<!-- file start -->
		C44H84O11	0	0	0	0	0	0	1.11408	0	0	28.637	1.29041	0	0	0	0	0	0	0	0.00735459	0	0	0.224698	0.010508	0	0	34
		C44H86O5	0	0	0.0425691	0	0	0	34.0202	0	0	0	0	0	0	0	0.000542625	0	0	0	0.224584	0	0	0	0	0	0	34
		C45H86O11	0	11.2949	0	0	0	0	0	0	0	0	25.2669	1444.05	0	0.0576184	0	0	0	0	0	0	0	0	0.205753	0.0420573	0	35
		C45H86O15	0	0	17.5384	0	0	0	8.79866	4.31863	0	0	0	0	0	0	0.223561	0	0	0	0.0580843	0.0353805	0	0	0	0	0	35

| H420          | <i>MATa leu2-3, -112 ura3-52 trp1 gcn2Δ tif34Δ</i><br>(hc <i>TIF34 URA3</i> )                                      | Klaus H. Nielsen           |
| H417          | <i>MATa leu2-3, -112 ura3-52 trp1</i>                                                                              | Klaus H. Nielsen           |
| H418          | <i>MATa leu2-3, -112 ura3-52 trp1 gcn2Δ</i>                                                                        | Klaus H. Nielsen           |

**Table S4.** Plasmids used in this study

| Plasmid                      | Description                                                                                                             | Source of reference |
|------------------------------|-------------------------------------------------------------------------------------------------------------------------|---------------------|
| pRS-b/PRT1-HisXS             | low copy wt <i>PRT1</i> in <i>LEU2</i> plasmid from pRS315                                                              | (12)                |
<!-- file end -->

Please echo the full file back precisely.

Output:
		C44H84O11	0	0	0	0	0	0	1.11408	0	0	28.637	1.29041	0	0	0	0	0	0	0	0.00735459	0	0	0.224698	0.010508	0	0	34
		C44H86O5	0	0	0.0425691	0	0	0	34.0202	0	0	0	0	0	0	0	0.000542625	0	0	0	0.224584	0	0	0	0	0	0	34
		C45H86O11	0	11.2949	0	0	0	0	0	0	0	0	25.2669	1444.05	0	0.0576184	0	0	0	0	0	0	0	0	0.205753	0.0420573	0	35
		C45H86O15	0	0	17.5384	0	0	0	8.79866	4.31863	0	0	0	0	0	0	0.223561	0	0	0	0.0580843	0.0353805	0	0	0	0	0	35

| H420          | <i>MATa leu2-3, -112 ura3-52 trp1 gcn2Δ tif34Δ</i><br>(hc <i>TIF34 URA3</i> )                                      | Klaus H. Nielsen           |
| H417          | <i>MATa leu2-3, -112 ura3-52 trp1</i>                                                                              | Klaus H. Nielsen           |
| H418          | <i>MATa leu2-3, -112 ura3-52 trp1 gcn2Δ</i>                                                                        | Klaus H. Nielsen           |

**Table S4.** Plasmids used in this study

| Plasmid                      | Description                                                                                                             | Source of reference |
|------------------------------|-------------------------------------------------------------------------------------------------------------------------|---------------------|
| pRS-b/PRT1-HisXS             | low copy wt <i>PRT1</i> in <i>LEU2</i> plasmid from pRS315                                                              | (12)                |